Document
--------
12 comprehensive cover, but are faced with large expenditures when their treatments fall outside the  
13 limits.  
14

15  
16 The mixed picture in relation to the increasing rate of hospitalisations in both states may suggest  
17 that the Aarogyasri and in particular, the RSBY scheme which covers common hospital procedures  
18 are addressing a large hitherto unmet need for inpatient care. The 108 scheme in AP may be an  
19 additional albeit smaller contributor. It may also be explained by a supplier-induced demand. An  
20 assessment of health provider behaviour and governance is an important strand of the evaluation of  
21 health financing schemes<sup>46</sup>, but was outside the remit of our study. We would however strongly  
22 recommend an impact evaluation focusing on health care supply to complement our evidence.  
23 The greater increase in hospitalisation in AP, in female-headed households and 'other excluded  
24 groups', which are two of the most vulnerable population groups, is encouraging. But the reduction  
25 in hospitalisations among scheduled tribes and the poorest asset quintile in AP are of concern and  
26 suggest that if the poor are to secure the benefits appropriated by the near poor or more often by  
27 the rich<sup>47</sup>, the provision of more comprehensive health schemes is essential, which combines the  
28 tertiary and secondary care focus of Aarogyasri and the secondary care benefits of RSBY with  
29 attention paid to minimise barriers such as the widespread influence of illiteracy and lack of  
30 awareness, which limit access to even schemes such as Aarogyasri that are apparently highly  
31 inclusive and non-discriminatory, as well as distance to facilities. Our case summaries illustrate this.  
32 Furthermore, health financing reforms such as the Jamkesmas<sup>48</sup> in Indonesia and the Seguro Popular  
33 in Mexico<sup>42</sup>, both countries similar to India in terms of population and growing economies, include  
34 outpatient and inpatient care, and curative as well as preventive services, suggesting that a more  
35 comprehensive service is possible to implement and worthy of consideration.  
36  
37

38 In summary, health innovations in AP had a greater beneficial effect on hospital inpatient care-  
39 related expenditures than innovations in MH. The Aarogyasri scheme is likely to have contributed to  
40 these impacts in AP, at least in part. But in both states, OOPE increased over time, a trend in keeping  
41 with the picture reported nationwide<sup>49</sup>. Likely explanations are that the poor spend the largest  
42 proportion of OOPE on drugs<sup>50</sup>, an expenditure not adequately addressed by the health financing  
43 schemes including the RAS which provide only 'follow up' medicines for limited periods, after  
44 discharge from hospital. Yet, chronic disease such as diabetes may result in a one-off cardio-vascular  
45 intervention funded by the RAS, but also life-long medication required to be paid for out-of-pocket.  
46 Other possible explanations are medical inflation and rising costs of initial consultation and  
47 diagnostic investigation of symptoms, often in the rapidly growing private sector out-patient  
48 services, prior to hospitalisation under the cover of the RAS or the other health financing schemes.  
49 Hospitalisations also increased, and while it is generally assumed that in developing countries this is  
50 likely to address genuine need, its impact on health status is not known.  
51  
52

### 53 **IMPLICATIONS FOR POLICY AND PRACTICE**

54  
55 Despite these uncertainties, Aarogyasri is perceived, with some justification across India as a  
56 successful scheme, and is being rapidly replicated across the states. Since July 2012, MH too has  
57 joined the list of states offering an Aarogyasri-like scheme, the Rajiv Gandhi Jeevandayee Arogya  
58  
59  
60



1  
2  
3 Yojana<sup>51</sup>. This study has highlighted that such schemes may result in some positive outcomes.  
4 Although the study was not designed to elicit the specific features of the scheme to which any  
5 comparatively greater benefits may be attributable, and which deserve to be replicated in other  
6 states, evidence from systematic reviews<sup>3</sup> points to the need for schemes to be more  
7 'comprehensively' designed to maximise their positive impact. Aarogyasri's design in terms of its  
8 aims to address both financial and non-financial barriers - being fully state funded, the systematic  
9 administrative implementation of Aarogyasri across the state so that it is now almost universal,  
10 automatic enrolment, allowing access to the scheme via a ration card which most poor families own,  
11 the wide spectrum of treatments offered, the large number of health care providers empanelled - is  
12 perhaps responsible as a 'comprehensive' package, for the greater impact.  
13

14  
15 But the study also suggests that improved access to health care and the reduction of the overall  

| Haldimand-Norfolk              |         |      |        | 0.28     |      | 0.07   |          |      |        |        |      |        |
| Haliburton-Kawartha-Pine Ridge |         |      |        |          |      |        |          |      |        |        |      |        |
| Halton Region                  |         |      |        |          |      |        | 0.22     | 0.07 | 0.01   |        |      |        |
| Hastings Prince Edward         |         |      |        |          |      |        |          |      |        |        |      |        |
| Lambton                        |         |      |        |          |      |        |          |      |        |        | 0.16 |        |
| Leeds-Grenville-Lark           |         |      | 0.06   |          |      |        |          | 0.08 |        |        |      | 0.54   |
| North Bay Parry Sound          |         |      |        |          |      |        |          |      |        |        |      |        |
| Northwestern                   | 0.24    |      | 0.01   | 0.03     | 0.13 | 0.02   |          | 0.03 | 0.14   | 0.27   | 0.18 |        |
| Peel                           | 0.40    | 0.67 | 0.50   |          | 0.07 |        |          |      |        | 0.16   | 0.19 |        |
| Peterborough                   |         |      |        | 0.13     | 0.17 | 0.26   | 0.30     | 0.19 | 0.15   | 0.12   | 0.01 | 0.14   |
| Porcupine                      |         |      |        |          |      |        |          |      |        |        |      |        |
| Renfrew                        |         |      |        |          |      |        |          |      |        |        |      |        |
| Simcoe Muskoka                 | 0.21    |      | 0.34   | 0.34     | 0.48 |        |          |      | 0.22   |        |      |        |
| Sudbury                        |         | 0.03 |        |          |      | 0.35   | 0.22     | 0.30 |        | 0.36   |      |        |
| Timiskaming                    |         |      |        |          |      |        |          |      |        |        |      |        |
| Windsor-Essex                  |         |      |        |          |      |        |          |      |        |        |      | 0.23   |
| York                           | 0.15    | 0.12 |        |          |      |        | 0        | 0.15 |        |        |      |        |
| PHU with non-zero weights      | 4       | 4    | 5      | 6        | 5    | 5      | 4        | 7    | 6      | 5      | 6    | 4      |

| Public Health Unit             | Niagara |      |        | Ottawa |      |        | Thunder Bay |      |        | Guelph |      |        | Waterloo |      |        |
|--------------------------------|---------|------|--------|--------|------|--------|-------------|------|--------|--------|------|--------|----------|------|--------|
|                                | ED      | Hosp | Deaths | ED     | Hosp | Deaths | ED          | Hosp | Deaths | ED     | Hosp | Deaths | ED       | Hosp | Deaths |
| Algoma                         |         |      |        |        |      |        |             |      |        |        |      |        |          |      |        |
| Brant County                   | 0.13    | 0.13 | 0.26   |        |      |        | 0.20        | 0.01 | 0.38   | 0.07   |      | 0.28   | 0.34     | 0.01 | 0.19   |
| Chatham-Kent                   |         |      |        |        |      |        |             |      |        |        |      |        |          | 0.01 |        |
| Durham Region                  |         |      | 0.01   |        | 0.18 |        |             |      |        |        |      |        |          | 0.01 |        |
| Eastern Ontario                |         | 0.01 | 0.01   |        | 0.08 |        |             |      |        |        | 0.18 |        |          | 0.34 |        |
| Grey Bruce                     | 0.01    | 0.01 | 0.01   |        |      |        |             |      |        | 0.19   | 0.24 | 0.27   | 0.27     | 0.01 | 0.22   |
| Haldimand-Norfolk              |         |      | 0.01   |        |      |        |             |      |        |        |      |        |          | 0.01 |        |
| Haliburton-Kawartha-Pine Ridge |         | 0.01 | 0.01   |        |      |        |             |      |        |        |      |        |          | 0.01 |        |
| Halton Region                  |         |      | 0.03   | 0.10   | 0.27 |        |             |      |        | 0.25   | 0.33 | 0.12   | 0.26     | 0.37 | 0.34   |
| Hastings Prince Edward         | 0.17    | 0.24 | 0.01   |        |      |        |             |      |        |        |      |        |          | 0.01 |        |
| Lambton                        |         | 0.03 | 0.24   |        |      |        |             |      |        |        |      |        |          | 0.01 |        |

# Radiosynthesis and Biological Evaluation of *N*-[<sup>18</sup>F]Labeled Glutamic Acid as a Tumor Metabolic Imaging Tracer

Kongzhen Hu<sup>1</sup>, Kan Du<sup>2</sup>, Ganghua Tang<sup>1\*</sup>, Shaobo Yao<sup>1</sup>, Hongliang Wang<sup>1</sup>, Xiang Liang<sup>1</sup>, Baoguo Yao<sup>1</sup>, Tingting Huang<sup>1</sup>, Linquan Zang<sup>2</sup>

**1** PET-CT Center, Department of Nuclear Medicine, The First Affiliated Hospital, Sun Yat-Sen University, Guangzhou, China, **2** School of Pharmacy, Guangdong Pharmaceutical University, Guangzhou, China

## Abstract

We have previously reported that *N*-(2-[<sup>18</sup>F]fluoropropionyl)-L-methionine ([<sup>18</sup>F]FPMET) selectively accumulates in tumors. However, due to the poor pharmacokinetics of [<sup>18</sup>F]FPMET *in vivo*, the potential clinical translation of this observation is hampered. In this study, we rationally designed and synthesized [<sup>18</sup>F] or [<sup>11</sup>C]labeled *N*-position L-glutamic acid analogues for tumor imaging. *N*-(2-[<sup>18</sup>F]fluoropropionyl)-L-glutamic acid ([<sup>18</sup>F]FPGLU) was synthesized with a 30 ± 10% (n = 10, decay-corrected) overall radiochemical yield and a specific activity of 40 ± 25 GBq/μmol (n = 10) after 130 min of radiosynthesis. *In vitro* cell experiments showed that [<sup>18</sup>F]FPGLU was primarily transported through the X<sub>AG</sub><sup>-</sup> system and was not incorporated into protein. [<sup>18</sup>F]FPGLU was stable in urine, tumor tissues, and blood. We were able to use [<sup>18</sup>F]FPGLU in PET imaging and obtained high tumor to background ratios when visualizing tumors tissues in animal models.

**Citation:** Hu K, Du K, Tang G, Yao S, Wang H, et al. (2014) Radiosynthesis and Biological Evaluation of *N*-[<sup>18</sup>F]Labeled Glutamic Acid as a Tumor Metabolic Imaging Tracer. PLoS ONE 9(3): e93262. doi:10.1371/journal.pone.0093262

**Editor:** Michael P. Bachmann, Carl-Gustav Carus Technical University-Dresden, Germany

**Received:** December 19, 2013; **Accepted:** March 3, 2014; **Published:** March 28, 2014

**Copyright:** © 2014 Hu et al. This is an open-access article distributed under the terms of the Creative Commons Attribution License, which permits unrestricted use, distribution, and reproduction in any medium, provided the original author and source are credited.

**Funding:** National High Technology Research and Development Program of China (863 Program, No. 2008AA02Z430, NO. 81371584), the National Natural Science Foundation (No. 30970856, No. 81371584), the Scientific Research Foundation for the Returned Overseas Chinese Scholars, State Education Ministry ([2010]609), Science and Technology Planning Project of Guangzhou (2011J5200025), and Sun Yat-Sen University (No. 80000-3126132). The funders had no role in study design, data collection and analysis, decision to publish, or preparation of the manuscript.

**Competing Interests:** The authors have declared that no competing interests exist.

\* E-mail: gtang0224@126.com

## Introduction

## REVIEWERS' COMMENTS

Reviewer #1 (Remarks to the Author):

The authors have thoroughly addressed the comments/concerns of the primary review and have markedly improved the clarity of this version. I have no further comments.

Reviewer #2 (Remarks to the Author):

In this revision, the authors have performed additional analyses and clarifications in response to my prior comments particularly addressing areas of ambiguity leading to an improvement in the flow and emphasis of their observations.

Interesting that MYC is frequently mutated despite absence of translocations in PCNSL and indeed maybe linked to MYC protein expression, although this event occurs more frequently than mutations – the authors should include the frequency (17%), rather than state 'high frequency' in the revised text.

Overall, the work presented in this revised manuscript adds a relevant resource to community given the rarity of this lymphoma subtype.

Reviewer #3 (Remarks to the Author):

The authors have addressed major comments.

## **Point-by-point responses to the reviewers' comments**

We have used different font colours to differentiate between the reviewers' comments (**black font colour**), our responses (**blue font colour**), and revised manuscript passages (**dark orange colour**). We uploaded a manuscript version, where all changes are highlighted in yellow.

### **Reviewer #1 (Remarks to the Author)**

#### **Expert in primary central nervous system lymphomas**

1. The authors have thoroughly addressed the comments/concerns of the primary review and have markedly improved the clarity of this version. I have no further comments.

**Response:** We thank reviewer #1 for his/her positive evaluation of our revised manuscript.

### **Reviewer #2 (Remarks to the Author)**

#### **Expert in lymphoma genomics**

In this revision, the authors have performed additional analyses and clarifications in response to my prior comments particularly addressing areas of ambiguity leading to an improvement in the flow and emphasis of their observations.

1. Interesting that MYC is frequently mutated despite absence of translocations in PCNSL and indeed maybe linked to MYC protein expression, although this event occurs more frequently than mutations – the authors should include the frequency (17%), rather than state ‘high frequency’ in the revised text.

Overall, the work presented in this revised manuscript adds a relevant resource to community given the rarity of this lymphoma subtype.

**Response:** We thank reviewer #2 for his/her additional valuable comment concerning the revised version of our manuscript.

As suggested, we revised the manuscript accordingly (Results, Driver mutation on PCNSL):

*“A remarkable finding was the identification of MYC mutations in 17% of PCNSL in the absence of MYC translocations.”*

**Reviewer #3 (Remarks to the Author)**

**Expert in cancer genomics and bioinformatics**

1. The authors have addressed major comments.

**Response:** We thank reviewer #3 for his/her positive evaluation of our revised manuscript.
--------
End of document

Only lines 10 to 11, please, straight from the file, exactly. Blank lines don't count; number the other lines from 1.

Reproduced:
21 health financing schemes<sup>46</sup>, but was outside the remit of our study. We would however strongly  
22 recommend an impact evaluation focusing on health care supply to complement our evidence.  